Until recently, visualizing the architectural and cellular morphology of human tissue has required histopathological examination. Samples would be excised from the patient, processed, sectioned, stained and viewed under a microscope. In addition to being invasive, time consuming and costly, the static nature of conventional pathology prohibits the study of biological dynamics and function. The Tearney Laboratory at Massachusetts General Hospital has led the way in transforming the current diagnostic paradigm through the invention and translation of new noninvasive, high-resolution optical imaging modalities that enable disease diagnosis from living patients without excising tissues from the body.
Led by Guillermo (Gary) Tearney, MD, PhD, the lab’s 70-person multidisciplinary team invents, validates and translates novel devices that use light to conduct microscopy in living patients. Light is uniquely well suited for noninvasively interrogating the microscopic structure, molecular composition and biomechanical properties of biological tissues. The goal of the laboratory’s research is to improve understanding and diagnosis of disease by imaging the human body at the highest possible level of detail in vivo.
A Postdoctoral research fellowship in the area of optical coherence tomography (OCT) is available in the Tearney Lab (www.tearneylab.org) at the Massachusetts General Hospital (MGH) in the Wellman Center for Photomedicine. This appointment will be made at the rank of postdoctoral fellow or instructor at Harvard Medical School, commensurate with the applicant’s experience. MGH’s role as a leading teaching affiliate of Harvard Medical School and close ties to Harvard University and MIT provide an outstanding environment for developing and translating new OCT technologies with applications in basic and clinical research.
The fellowship will focus on high resolution OCT imaging devices, including development of novel optical techniques, engineering of in vivo endoscopic probes, and translation to clinical use. Current medical applications of micro-OCT include imaging of mucociliary clearance to monitor treatment response in pulmonary disorders such as cystic fibrosis, high-resolution imaging of coronary artery disease, and diagnosis of early cancer. The ideal candidate for this position is an organized and creative problem-solver experienced with advanced optics, biomedical engineering, computational methods, and image analysis, as well as capable of leading a multidisciplinary research team.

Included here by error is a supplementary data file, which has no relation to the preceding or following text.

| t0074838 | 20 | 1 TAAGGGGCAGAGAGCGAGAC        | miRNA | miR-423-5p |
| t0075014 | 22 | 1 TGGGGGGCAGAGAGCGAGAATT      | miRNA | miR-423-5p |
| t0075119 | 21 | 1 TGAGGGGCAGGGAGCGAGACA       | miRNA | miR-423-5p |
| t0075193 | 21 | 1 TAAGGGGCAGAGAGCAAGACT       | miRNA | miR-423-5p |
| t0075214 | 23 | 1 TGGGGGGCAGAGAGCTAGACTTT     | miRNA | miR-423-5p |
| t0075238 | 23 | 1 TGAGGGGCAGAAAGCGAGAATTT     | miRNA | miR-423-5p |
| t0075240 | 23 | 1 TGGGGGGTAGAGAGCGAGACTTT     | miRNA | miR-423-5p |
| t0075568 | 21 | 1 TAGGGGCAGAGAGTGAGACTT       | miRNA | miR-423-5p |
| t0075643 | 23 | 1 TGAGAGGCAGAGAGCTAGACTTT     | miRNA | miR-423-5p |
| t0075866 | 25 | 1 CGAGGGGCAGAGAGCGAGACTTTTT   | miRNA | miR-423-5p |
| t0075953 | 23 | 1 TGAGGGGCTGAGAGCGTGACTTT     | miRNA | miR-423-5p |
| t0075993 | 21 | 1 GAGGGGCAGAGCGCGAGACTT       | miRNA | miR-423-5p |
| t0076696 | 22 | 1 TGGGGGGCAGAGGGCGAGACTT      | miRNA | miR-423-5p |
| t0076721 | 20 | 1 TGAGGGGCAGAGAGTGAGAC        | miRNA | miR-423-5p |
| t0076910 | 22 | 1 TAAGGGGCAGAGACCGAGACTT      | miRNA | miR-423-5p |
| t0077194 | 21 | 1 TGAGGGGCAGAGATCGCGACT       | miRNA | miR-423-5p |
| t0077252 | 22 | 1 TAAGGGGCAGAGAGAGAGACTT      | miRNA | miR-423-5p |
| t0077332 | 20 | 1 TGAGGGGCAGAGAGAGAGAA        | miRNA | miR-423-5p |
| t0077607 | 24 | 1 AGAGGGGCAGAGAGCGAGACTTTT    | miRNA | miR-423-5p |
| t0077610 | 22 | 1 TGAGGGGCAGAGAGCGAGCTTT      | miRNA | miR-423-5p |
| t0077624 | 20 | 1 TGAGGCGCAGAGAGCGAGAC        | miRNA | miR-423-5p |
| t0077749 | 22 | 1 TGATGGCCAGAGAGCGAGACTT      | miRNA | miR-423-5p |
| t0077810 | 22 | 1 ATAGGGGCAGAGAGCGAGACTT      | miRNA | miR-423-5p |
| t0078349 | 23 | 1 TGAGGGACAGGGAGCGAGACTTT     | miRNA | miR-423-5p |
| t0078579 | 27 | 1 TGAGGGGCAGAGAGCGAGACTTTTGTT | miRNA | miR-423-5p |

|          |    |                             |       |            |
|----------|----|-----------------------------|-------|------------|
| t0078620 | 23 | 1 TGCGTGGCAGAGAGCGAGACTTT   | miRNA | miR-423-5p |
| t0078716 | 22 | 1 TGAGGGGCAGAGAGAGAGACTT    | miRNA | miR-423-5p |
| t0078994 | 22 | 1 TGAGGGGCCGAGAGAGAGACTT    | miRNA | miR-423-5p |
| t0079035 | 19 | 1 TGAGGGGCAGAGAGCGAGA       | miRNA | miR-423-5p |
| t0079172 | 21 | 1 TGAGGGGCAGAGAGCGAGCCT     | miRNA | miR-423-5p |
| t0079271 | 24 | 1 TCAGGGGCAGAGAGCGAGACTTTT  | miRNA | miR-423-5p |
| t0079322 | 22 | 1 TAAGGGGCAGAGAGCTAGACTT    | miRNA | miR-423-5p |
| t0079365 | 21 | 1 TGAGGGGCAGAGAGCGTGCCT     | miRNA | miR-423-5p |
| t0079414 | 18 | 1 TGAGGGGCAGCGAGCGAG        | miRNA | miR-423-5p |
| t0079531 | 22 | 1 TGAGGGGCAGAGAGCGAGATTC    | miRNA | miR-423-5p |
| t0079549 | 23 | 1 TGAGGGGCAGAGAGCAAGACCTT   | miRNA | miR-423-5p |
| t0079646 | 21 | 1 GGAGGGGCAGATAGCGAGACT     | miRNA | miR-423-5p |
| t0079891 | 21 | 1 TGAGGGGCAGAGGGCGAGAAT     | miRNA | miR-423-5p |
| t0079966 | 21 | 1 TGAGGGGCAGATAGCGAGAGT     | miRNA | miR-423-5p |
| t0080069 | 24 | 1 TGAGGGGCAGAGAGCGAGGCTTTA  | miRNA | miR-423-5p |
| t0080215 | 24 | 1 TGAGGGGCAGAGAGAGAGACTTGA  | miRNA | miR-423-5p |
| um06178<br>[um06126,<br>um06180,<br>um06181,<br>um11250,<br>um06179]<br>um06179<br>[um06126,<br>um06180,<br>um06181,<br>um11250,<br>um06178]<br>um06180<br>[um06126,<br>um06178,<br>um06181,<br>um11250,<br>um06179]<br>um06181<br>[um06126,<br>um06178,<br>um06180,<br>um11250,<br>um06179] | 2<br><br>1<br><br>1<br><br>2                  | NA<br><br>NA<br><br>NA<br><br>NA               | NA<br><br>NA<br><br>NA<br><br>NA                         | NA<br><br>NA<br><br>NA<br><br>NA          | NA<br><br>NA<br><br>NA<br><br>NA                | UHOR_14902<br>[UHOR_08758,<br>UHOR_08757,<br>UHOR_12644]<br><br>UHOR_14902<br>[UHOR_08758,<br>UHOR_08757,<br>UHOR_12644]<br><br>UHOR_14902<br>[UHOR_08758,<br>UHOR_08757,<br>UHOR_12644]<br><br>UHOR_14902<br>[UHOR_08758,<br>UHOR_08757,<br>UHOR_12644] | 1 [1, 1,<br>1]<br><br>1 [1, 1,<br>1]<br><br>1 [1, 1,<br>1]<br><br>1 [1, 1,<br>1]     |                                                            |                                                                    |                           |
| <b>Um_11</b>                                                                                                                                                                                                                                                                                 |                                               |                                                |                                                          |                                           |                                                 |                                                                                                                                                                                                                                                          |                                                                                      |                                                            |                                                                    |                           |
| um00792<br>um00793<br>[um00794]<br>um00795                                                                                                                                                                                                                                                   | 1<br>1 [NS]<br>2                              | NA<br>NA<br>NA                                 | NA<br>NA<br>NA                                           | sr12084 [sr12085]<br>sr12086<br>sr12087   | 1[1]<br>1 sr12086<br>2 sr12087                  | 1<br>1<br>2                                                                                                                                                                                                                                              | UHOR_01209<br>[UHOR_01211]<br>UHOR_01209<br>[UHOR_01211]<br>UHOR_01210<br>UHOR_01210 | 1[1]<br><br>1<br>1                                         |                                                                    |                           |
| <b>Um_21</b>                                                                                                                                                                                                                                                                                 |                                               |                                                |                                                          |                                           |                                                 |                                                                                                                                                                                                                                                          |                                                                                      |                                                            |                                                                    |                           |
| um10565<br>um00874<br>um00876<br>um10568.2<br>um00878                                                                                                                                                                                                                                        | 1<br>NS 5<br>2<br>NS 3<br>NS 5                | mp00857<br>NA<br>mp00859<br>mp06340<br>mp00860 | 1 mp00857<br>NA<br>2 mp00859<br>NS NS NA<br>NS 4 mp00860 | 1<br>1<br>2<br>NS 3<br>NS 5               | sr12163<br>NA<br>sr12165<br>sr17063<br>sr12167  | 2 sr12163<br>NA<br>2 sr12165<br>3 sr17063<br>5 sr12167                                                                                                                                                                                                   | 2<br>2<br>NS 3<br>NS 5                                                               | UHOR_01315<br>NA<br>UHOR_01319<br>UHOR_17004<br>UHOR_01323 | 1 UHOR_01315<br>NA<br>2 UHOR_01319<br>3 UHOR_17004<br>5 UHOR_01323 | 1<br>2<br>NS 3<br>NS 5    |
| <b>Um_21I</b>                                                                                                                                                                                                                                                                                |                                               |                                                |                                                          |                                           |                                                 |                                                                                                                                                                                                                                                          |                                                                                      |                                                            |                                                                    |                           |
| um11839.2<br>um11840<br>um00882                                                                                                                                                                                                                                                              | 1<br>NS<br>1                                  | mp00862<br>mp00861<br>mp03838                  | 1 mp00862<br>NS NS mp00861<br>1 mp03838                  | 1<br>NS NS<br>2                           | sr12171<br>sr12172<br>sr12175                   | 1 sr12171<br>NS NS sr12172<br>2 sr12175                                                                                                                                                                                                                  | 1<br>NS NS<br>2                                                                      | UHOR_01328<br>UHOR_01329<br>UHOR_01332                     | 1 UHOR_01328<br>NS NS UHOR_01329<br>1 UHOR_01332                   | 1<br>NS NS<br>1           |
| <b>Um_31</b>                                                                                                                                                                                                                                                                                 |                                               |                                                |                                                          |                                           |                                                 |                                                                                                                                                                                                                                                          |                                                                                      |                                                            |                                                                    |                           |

Representative recent publications from our group include:
- Leung HM, et al., Intranasal micro-optical coherence tomography imaging for cystic fibrosis studies. Sci Transl Med. 2019;11(504).
- Yin B, et al., Extended depth of focus for coherence-based cellular imaging. Optica. 2017;4(8):959-65.
- Nishimiya K, et al., Micro-Optical Coherence Tomography for Endothelial Cell Visualization in the Coronary Arteries. JACC Cardiovasc Imaging. 2019;12(9):1878-80.
- Gora MJ, et al., Tethered capsule endomicroscopy for microscopic imaging of the esophagus, stomach, and duodenum without sedation in humans (with video). Gastrointest Endosc. 2018;88(5):830-40 e3.
A PhD (or equivalent) in Biomedical Engineering, Electrical Engineering, Physics or a related field is required. Demonstrated excellence in one or more of the following areas is required: optical coherence tomography, optical imaging systems, optical design, optical system fabrication, fiber optic systems and components, broadband light source development, spectroscopy, image processing, programming, and clinical studies with novel devices. Creativity is highly desirable